Friday, 16 November 2012

A day in the sun...

We spent the morning class in the garden planting seeds.  A fantastic morning.  Let me stop there and explain a little.  It’s been awhile since last I blogged about some of the happenings at my school.  This term our theme is science, a topic I much enjoy teaching, and that covers far too many areas for the time we allot to it.

One of the things we are doing as a part of our theme, aside from the more general joys of making light bulbs shine, balloons pop and volcanoes bubble, is planting vegetables, fruit and herbs in the school’s kitchen garden.

This pleasant little hide-away seems a world away from the typically poorly lit and stuffy classroom (and don’t get me wrong – I love my stuffy classroom).  It’s a small garden, with room for several large garden beds, many more smaller ones, fruit trees, a work shed, a chicken pen (currently on the lookout for tenants) and a nice bit of lawn.  It had spent a little while overgrown, but with the advent of our science theme, myself and the teachers in the middle section of the school were intent on getting our students out of the rooms and into the garden.

On the face of it this may not seem an academic pursuit, if your concept of education or the purpose of school is all about spelling patterns, phonographic knowledge, syntax, place value and renaming numbers you may well ask what the point of such a diversion is.  For me, the point is rather simple: it’s real.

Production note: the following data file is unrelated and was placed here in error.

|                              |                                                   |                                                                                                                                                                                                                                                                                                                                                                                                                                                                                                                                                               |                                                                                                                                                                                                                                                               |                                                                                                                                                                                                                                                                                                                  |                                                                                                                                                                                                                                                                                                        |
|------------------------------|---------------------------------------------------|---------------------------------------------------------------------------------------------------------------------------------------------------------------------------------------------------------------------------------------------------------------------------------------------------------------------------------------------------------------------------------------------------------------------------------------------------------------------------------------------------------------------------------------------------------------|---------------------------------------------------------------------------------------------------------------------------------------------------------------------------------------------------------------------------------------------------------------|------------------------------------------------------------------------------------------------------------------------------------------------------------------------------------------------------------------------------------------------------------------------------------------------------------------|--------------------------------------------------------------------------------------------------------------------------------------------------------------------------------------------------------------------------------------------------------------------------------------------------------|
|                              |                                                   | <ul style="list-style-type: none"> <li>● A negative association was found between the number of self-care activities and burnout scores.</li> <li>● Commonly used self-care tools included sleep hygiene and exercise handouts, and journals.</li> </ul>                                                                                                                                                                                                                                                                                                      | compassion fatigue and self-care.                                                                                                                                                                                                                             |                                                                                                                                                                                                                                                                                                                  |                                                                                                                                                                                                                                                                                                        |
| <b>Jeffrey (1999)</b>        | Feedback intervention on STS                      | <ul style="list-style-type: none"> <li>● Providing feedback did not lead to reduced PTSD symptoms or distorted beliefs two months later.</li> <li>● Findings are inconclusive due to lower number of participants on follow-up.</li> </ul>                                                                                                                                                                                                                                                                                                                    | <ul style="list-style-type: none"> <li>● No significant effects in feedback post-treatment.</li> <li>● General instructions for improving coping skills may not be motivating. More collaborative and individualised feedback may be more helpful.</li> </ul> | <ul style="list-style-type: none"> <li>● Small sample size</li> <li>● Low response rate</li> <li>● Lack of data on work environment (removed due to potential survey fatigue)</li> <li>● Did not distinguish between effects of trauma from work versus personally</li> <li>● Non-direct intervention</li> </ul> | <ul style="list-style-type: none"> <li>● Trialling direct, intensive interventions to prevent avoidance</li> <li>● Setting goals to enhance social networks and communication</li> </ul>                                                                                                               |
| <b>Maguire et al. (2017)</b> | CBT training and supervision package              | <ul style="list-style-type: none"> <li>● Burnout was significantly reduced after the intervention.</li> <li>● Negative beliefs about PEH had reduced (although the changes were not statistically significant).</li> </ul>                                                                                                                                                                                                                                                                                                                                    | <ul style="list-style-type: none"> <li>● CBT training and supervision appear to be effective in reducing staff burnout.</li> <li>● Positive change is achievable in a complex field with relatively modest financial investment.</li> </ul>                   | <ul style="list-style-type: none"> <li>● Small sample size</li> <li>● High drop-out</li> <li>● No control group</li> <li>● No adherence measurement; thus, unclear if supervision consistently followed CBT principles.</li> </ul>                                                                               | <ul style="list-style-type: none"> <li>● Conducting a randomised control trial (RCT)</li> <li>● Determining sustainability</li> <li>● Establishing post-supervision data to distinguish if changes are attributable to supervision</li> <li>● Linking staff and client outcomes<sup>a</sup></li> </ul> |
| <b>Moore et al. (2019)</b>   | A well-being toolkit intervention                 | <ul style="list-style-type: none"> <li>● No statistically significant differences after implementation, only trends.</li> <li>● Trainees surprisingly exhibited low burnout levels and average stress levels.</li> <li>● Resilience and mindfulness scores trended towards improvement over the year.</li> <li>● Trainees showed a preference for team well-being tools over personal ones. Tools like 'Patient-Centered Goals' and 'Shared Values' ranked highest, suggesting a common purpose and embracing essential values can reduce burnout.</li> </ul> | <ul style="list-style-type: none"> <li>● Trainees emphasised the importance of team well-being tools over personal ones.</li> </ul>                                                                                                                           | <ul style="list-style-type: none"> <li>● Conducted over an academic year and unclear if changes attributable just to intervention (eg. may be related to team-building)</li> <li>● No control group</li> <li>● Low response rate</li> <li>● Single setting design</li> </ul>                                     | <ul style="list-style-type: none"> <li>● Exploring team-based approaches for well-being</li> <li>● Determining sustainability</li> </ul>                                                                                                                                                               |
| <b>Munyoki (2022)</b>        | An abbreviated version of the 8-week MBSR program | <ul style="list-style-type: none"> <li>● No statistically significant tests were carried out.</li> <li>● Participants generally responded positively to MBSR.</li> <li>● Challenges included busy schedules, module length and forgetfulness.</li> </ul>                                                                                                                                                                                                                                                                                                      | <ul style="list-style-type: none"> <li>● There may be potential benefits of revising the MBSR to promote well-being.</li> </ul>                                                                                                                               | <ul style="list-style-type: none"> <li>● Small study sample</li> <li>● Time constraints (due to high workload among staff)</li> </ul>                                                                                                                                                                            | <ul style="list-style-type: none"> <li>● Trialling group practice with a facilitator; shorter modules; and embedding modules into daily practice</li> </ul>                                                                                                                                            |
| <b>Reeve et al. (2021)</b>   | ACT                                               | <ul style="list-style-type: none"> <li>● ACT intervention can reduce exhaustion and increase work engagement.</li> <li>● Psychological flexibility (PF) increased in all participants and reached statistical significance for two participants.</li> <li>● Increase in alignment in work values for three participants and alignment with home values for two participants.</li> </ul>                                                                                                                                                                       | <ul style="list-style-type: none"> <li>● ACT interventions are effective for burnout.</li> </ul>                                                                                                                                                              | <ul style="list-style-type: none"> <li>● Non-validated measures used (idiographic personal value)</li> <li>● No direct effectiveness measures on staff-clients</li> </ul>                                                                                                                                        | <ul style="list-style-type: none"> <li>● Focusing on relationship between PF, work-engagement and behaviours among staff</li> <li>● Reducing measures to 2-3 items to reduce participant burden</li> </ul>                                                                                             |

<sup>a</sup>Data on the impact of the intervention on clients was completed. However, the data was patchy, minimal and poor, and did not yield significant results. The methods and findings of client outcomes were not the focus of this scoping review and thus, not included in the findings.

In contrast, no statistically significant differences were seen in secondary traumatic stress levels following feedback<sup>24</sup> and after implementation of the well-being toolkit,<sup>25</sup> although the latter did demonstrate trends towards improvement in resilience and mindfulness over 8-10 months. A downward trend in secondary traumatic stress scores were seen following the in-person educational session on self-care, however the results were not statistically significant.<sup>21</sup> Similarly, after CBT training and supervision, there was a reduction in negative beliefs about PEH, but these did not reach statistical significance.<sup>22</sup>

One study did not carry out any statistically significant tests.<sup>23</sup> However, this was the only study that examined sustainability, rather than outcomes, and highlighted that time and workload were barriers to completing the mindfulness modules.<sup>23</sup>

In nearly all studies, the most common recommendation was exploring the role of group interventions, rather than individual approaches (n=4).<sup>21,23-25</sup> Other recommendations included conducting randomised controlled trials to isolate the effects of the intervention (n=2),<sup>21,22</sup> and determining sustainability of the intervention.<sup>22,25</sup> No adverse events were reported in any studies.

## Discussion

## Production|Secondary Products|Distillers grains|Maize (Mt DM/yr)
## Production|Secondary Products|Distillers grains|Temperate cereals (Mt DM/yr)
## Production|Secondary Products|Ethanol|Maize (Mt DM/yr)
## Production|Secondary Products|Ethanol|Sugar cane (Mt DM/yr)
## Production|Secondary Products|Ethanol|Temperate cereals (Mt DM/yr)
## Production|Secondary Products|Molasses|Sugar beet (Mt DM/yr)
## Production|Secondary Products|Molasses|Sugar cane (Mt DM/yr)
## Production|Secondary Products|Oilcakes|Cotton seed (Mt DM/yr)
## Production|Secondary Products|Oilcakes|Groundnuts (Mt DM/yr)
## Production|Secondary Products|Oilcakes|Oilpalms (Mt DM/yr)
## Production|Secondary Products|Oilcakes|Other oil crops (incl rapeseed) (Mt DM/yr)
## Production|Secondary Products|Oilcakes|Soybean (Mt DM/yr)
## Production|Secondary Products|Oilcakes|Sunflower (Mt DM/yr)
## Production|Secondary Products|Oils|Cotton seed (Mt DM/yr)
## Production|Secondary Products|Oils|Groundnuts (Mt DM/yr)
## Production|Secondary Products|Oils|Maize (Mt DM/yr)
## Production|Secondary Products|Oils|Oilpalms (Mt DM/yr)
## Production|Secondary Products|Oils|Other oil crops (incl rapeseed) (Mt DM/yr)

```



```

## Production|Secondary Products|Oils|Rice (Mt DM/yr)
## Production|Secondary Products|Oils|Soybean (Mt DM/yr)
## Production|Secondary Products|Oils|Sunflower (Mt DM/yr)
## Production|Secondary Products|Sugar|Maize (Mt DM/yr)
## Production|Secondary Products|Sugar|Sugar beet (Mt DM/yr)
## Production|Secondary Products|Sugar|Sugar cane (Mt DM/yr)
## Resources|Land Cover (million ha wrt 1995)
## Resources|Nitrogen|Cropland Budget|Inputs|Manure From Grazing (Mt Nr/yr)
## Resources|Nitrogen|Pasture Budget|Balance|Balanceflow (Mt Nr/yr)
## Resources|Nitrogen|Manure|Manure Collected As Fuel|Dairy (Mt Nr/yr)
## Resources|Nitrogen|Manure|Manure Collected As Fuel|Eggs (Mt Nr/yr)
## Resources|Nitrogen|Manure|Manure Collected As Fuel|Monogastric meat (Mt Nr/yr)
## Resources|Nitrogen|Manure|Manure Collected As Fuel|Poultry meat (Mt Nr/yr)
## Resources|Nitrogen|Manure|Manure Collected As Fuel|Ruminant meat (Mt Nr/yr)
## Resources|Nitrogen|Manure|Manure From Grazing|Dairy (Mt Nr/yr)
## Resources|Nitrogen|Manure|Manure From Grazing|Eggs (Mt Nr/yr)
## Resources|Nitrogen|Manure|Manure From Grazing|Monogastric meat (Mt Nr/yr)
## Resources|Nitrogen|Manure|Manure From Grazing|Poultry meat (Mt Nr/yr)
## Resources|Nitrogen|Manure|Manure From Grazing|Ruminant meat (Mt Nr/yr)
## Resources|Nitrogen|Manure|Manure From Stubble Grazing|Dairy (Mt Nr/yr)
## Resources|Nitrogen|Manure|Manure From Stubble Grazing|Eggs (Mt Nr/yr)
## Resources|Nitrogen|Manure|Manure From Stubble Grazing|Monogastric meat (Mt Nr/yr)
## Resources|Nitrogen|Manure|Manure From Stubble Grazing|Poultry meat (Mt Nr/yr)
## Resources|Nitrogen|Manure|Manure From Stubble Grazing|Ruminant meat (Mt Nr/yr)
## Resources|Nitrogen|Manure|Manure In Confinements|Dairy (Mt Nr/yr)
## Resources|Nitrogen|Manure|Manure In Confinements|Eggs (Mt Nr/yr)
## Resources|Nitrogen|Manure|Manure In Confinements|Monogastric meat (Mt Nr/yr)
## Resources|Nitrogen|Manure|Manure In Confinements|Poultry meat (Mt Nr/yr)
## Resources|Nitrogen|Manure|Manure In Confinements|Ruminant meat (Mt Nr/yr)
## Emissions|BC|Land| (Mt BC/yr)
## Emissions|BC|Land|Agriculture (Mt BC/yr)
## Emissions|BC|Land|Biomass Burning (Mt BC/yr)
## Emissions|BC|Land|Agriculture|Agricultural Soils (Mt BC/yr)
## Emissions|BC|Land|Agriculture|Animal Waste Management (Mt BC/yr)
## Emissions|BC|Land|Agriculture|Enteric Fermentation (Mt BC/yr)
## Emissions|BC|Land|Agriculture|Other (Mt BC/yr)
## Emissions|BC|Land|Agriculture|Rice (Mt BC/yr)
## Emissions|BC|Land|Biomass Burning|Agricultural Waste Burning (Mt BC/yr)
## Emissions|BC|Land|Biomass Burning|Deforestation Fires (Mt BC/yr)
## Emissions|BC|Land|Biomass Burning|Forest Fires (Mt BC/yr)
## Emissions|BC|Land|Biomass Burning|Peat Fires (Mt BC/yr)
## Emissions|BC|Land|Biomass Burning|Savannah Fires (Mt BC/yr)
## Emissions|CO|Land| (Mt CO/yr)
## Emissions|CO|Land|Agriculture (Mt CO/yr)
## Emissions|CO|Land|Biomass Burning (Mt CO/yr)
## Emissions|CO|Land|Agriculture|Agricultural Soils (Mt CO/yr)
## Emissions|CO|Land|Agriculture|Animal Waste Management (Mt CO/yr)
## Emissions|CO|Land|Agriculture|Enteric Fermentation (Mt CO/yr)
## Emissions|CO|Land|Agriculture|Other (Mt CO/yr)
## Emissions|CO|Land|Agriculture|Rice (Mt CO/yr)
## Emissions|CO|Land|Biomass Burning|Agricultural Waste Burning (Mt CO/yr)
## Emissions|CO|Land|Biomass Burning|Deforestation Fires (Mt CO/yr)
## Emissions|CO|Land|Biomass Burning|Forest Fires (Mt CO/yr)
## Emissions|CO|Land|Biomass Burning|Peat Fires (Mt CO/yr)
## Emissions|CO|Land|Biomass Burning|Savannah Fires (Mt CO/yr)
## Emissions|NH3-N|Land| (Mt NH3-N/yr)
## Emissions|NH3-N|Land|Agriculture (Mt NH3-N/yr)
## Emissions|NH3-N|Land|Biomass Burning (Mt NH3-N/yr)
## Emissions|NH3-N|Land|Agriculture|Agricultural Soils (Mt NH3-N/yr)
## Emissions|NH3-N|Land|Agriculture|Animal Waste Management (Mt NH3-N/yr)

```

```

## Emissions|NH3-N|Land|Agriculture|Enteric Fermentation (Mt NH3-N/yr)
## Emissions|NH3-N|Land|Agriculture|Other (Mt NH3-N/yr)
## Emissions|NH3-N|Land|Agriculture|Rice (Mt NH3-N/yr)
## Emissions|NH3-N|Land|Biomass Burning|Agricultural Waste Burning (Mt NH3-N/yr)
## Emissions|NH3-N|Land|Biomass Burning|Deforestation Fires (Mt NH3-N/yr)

That’s not to say that verb conjugation or decimal/fraction equivalencies aren’t real, or to slight or malign the importance of such things in the general scheme of education.  But there is a visceral, tactile, physical, and invigorating reality to burying your hands in soil to plant a seed, or watching a plant grow that you have tended that is immediate and apparent: it is directly experienced, not a thought experiment or conceptual framework.

Burying your hands in the garden is an experience that can be used as a basis for writing, or maths, or drawing or science, or any other subject for that matter.  It’s an experience that speaks to the kids about the nature of nature, about the science that describes the beautiful machinery of this world in which we live.  It’s an experience you can lay your hands on, you can succeed at and fail at and watch the results play out as a consequence.  It’s an experience that pours information to the brain through all our senses, the sights, smells, sensations and sounds.

I find gardens and such places cathartic, that’s not to say I’m an avid gardener; I avoid weeding wherever possible and can kill the hardiest of plants with seemingly little effort.  But I find the experience of nature, well, nature that isn’t trying to eat me, pleasant and refreshing.  Sitting in the warm shade while the leaves twitch in the breeze, suddenly starting, and then easing to calm as the breeze dies away, where insects crawl, fly, buzz, drone and wander about going on with their business oblivious of us idly observing, is a great environment for learning.

Yesterday we watched the moon occlude the disk of the sun, today we caught a gecko, and planted pumpkins and beans, basil and lettuce.  These are the moments I love as a teacher.

A poor photo of the eclipse - taken on my phone through protective glasses.

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